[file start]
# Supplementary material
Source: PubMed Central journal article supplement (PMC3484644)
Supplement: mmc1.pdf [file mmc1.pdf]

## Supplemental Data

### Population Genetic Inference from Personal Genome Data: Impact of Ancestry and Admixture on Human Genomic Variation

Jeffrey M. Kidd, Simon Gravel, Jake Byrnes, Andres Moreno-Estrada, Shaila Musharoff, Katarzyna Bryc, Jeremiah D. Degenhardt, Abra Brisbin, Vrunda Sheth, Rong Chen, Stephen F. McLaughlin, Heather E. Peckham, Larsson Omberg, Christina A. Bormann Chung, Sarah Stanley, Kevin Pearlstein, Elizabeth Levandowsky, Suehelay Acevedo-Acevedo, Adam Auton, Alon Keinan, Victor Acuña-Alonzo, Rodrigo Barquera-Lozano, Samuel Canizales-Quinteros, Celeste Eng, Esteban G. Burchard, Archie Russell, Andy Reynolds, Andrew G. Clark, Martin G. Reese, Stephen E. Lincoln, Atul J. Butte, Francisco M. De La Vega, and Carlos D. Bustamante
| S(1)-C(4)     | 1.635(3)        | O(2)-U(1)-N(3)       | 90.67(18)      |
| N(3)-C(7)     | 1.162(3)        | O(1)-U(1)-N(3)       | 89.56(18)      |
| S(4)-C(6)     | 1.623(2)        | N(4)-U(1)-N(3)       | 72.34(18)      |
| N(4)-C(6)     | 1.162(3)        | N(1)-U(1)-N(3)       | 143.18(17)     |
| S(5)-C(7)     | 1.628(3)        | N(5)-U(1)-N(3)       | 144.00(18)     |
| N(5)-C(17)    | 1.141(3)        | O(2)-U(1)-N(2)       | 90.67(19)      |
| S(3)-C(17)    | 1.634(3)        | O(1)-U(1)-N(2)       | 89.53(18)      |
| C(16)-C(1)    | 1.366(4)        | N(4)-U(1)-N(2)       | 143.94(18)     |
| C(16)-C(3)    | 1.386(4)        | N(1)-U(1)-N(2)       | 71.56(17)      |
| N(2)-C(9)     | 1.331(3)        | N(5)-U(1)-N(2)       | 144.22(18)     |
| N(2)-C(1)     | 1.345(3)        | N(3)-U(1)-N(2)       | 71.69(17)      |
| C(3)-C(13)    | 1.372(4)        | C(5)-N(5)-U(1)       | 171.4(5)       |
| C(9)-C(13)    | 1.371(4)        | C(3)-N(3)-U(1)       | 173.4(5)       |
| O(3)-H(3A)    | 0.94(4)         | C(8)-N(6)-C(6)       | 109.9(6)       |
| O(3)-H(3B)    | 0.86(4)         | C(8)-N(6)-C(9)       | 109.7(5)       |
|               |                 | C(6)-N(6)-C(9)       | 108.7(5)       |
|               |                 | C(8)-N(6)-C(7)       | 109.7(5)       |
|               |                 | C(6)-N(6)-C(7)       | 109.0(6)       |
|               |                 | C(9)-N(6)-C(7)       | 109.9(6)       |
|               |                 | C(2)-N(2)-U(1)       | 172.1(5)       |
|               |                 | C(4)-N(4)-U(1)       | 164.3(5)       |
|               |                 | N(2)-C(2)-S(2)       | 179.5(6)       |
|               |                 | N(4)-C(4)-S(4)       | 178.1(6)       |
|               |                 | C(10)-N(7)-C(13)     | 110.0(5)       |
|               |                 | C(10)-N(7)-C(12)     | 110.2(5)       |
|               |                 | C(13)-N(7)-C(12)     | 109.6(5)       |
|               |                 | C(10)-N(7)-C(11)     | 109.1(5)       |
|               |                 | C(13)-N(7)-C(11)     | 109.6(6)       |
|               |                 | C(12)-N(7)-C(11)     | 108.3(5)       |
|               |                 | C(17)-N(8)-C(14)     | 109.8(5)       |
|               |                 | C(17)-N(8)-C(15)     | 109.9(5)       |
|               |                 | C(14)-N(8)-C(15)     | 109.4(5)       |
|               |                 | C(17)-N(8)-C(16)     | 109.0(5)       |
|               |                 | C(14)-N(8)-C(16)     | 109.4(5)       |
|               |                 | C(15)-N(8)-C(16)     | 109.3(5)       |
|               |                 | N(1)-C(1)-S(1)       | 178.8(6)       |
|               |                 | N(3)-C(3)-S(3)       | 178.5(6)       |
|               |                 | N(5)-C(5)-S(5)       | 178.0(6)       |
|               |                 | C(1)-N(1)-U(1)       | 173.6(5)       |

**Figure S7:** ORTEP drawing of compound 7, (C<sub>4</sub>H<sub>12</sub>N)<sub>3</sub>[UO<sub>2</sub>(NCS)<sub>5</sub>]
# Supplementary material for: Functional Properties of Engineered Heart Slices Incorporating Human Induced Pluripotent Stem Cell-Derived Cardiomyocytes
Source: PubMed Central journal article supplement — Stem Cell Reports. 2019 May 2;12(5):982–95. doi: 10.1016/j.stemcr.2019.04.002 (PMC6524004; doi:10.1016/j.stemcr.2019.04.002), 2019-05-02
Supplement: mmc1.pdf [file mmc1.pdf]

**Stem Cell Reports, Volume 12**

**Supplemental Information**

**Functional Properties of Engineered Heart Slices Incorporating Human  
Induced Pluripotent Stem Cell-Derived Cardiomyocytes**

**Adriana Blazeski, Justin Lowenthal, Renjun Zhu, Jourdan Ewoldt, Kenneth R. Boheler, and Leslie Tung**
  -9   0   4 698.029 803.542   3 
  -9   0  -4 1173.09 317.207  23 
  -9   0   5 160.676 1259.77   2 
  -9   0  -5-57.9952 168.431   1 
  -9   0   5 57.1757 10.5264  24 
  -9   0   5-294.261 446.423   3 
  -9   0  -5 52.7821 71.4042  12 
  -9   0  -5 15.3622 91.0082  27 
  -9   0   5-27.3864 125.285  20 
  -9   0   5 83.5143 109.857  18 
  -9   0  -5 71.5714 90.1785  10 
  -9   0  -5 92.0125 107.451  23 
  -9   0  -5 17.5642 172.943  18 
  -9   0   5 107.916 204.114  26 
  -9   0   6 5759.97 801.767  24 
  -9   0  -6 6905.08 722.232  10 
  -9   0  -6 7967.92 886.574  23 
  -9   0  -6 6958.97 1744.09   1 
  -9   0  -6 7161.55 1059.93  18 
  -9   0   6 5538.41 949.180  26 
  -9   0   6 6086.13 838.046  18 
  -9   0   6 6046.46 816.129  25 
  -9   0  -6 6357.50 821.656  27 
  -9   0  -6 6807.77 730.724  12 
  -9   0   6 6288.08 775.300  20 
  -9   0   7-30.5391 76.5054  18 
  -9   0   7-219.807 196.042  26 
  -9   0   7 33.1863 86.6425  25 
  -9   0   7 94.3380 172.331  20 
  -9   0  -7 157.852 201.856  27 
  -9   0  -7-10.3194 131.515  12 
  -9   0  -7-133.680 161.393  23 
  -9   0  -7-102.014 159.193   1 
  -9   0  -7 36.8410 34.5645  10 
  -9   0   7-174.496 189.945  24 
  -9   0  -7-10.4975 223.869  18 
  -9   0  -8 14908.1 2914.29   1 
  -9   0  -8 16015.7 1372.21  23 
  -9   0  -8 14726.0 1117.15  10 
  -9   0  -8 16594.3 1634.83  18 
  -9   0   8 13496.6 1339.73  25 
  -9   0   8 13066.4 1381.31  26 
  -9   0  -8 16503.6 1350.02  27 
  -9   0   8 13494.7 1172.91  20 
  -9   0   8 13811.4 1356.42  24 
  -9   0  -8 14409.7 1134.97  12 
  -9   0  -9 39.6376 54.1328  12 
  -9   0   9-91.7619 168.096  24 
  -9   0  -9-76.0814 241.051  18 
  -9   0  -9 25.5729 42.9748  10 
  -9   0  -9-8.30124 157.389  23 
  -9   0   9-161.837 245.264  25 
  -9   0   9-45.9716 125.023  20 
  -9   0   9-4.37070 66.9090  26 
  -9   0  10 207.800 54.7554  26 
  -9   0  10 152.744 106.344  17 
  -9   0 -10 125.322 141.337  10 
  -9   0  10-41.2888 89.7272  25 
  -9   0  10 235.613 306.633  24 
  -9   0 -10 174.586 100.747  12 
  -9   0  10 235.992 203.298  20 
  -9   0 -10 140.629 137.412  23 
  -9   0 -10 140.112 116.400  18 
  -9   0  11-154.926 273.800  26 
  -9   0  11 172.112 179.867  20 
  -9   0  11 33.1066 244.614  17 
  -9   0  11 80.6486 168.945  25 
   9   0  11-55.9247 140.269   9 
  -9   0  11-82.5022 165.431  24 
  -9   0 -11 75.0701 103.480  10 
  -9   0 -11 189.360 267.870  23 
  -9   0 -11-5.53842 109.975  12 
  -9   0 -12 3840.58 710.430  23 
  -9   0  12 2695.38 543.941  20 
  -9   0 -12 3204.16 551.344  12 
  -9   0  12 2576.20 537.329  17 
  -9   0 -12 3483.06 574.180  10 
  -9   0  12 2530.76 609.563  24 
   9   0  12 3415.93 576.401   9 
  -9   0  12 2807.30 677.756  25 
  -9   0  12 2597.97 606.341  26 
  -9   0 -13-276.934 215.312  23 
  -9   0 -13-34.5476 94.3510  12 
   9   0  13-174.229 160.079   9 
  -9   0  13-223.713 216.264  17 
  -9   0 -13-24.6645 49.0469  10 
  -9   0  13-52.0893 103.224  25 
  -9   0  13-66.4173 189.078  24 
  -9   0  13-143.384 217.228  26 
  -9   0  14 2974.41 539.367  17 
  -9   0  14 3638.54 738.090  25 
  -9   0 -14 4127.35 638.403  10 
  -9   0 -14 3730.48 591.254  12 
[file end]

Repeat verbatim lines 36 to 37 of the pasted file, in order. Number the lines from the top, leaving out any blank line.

|               |                 | C(17)-N(8)-C(14)     | 109.8(5)       |
|               |                 | C(17)-N(8)-C(15)     | 109.9(5)       |